A few weeks back, my uncle’s somewhat ancient tower PC gave up the ghost… and it fell on me to find a replacement. (I’m sure most ZNF readers know how that works.) His computing needs are extremely minimal — we’re talking AOL email and web browsing (via broadband, at least). So I figured he’d be a perfect candidate for an inexpensive and lightweight nettop. Enter the Acer Aspire Revo.

Amazon shipped the Revo (R1600-U910H, $199) directly to me so I could clean up the requisite crapware and load up his software staples – plus Windows Security Essentials. And since I had a PC with HDMI out in my possession, I went ahead and hooked it up to the plasma for a quick spin.

I didn’t get too crazy, as I wanted to reship the Acer in a timely fashion, and merely tested web-based Hulu and Netflix streaming on the ION-powered Revo running XP. First off, the nettop is unsurprisingly underpowered. But I did wonder what 1GB of memory and the Flash 10.1 release candidate might be able to do with Hulu. Let me tell you, it wasn’t pretty. In a window, Hulu’s SD content was mostly watchable. At full screen, forget it. The Silverlight-powered Netflix, by comparison, performed like a champ. Higher res, but still SD, content streamed quite nicely in full screen.

I wouldn’t recommend this particular Acer SKU to anyone considering a HTPC. However, with just a bit more power and/or memory, a small form factor PC like this could get the job done on a reasonable budget. And, I assume, for many it does. Even if you don’t go the full-on HTPC route with television/DVR capabilities, a relatively open platform running something like Boxee or Kylo could be quite compelling.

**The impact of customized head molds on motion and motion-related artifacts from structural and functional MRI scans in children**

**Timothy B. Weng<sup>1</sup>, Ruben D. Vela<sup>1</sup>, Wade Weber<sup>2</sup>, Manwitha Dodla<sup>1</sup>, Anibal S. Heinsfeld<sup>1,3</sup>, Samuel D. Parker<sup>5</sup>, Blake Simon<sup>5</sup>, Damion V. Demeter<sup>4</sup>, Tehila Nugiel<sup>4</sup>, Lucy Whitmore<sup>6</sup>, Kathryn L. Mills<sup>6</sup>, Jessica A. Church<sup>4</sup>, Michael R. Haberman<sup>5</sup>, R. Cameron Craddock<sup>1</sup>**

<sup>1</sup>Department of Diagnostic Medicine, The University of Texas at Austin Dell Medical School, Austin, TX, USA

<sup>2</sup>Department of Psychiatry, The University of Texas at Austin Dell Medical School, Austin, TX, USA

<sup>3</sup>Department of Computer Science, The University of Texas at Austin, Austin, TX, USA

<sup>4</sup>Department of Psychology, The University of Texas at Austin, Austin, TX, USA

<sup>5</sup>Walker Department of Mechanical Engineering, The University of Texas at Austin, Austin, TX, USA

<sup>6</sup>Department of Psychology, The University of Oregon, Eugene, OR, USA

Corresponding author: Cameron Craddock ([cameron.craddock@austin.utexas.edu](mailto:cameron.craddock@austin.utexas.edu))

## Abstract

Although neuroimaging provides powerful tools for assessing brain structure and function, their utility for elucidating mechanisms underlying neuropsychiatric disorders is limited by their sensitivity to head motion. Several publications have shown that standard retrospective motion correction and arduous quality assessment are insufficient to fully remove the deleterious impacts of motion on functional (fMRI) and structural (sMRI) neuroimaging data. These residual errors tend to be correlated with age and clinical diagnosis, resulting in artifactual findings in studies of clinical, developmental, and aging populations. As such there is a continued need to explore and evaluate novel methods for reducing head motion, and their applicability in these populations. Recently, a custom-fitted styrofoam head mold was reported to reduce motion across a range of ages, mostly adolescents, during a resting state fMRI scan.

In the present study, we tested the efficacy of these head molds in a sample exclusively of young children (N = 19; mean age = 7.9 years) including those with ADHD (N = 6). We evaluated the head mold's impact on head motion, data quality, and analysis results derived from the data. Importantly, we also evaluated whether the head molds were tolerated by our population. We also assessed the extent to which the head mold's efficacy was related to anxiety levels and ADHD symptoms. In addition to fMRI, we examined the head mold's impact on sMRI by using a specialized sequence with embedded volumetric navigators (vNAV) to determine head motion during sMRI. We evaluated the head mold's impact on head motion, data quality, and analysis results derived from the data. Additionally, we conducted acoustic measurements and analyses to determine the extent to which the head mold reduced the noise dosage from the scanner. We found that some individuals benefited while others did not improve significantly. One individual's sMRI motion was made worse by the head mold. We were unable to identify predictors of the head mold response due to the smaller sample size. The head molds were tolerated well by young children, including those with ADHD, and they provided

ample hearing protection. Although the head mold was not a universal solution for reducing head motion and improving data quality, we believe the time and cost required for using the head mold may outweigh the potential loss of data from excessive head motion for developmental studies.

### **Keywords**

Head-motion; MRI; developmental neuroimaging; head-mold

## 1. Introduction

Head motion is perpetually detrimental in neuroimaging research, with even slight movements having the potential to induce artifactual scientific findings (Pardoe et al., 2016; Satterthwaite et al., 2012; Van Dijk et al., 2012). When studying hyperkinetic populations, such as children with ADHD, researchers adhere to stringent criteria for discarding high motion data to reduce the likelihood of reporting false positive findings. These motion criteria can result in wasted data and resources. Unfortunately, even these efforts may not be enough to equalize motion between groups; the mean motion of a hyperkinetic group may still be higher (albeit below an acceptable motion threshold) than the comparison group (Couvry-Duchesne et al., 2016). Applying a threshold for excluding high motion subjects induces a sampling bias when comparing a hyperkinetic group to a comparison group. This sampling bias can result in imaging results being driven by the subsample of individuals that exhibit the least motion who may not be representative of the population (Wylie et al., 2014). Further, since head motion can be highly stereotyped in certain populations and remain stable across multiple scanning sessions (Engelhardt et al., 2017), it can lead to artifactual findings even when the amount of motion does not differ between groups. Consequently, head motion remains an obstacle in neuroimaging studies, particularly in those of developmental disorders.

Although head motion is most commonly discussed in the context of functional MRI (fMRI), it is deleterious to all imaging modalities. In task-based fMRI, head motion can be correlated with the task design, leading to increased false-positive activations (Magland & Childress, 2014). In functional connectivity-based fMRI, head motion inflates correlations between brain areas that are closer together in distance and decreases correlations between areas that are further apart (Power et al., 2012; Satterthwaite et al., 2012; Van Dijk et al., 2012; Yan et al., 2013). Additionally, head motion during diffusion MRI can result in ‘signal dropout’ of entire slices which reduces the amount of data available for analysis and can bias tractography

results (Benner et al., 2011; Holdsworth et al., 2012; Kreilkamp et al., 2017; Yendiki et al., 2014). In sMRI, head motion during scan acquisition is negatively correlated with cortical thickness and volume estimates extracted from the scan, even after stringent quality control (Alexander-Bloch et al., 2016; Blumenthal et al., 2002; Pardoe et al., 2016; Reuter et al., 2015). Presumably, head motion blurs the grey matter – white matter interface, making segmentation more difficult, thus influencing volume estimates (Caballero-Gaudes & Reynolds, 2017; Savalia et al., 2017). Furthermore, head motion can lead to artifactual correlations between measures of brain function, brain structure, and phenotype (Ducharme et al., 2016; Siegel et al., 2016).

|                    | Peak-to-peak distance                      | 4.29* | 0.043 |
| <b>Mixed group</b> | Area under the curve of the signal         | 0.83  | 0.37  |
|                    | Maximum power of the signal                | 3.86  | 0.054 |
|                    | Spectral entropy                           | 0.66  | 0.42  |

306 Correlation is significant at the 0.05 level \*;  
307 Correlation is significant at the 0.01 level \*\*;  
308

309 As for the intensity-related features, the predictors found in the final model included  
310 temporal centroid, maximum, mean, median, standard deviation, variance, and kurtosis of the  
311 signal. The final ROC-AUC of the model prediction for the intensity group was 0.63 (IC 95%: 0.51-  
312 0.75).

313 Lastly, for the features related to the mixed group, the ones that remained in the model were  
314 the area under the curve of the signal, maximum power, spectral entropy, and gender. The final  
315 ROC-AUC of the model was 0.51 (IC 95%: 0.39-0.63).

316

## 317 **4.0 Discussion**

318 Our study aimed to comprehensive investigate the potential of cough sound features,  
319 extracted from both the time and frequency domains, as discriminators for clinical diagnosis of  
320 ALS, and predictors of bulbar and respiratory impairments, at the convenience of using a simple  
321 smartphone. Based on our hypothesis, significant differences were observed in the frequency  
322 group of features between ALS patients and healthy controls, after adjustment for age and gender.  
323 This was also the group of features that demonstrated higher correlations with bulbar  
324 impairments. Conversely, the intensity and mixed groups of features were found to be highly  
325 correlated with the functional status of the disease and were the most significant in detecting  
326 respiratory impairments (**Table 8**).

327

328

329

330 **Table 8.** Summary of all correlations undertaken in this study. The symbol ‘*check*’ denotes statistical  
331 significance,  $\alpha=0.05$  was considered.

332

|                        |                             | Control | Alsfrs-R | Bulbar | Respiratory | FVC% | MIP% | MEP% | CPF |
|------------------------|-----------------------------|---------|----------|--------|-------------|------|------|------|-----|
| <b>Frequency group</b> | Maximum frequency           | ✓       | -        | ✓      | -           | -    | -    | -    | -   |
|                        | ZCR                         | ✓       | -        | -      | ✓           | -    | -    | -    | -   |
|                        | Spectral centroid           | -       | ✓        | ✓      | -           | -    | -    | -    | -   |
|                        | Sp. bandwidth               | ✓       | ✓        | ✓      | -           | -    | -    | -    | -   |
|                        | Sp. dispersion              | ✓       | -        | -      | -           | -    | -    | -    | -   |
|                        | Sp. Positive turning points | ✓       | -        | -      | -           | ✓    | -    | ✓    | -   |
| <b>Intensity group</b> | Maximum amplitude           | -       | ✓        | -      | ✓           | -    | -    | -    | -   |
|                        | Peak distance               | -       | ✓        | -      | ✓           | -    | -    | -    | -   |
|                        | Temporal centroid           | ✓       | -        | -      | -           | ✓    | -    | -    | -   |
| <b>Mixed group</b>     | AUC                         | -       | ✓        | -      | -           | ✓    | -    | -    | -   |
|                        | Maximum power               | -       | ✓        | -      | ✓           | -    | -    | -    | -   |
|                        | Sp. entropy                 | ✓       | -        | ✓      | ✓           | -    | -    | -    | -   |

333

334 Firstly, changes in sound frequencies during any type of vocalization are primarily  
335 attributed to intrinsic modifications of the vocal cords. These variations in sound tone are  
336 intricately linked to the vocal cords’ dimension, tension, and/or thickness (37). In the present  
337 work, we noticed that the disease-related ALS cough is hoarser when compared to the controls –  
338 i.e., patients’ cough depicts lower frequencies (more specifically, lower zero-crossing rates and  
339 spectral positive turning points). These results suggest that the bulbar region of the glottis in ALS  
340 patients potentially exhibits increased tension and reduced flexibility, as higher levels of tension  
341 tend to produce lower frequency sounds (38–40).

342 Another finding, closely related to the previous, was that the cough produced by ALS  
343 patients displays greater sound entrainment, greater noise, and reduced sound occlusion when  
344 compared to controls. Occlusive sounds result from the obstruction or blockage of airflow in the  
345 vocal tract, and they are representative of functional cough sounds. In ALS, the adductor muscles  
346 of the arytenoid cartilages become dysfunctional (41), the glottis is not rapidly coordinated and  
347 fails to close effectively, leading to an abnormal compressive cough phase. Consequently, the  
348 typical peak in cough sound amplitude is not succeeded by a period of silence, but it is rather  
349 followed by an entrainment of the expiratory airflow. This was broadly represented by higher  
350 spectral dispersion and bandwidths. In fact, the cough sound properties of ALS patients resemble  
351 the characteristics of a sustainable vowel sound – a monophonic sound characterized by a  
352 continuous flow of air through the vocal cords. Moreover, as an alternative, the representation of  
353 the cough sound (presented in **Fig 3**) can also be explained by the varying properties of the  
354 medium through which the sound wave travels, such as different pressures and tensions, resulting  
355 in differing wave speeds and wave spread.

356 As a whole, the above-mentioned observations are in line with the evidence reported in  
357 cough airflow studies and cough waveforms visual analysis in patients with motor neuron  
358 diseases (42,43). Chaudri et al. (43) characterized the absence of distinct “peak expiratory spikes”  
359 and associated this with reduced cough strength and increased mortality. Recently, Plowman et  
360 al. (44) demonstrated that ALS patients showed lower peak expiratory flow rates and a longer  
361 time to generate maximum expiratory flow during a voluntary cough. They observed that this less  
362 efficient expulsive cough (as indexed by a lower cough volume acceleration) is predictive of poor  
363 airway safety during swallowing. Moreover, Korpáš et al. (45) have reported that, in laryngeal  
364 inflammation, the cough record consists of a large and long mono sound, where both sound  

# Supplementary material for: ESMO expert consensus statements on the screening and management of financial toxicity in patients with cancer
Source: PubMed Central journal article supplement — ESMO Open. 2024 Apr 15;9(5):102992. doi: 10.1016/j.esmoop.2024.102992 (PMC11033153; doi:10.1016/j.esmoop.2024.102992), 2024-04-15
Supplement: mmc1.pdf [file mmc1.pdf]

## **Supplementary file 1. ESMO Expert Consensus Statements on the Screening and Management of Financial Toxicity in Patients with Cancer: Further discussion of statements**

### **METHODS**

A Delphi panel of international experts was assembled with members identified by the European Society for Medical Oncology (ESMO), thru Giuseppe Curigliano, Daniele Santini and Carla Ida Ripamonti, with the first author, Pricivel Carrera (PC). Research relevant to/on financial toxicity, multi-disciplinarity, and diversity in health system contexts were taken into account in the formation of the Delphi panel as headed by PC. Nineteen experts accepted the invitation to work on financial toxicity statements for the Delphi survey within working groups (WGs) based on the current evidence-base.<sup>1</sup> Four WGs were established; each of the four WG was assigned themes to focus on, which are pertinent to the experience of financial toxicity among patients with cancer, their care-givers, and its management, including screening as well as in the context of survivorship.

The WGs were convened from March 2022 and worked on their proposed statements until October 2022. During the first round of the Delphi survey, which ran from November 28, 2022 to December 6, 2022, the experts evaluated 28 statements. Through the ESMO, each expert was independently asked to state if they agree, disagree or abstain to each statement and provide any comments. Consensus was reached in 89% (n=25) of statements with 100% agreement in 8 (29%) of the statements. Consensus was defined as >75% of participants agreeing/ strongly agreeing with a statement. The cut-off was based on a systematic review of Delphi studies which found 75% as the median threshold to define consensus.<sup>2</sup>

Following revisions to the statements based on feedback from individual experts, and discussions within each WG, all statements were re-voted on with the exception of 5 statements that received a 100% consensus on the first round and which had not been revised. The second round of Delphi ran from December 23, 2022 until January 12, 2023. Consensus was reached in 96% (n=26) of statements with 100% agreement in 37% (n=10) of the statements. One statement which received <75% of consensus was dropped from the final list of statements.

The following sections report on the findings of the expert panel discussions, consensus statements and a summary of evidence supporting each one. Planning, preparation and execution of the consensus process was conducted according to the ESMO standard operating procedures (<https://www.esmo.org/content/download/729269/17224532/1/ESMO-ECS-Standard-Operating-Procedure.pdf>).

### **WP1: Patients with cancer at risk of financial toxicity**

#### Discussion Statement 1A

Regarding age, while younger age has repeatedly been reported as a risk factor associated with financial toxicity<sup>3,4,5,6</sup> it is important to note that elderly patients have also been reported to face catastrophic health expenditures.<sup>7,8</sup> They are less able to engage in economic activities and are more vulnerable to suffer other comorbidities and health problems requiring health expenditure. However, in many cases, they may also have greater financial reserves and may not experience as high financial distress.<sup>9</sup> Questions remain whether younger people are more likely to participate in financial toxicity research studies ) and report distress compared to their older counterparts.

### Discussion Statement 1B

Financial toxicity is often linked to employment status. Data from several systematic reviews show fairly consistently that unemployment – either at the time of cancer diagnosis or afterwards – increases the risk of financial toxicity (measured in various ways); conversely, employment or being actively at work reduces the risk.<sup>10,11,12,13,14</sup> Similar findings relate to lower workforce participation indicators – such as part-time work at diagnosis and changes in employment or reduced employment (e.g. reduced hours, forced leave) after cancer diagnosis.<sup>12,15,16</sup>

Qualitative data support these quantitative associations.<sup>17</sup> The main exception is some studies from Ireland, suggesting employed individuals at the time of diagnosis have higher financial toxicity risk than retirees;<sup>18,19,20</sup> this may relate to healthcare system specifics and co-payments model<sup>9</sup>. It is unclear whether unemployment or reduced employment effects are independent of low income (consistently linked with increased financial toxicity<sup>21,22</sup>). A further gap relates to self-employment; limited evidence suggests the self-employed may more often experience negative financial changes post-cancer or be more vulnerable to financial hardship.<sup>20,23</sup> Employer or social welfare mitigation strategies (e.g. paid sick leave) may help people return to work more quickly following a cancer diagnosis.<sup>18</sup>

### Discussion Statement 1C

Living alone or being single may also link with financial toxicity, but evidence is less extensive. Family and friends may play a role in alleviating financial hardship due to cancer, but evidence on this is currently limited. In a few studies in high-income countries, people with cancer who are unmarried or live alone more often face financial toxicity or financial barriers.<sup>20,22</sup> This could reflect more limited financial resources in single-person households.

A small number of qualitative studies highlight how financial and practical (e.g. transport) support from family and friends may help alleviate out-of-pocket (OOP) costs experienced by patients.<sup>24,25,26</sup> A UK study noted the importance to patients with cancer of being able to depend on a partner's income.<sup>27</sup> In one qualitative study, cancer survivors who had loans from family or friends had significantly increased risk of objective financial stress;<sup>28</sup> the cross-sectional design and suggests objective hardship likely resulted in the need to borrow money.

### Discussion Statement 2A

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Since January from CES, we knew a new SageTV version was coming which would include a new UI. I’ve had the opportunity to preview this significant update and will run through the new features, changes and improvements – which are now available in beta form.

Probably on the most-requested list for SageTV developers is a re-write of the user interface. The default SageTV UI has evolved over the years, but cosmetically it’s looked and worked about the same. With version 7, the SageTV team has made some significant changes with the interface that they hope will please those that liked the old UI the way it was as well as those looking for a more attractive appearance.

While many will focus on the new UI, transitions and effects, the more subtle, under-the-hood SageTV changes make this version a huge leap forward.  For example, the new plugin manager makes installing and updating add-ons incredibly easy – I can’t stress enough how much of an improvement this is to those that use SageTV. Other non-UI items that are on the list of things I’m really appreciating here include the improved HD-PVR performance, improved HD200 performance (it handles navigation very fast), no more “pause” between shows when watching television live.

For a thorough rundown of the new features found in SageTV 7 along with a number of screenshots, continue reading at Geek Tonic.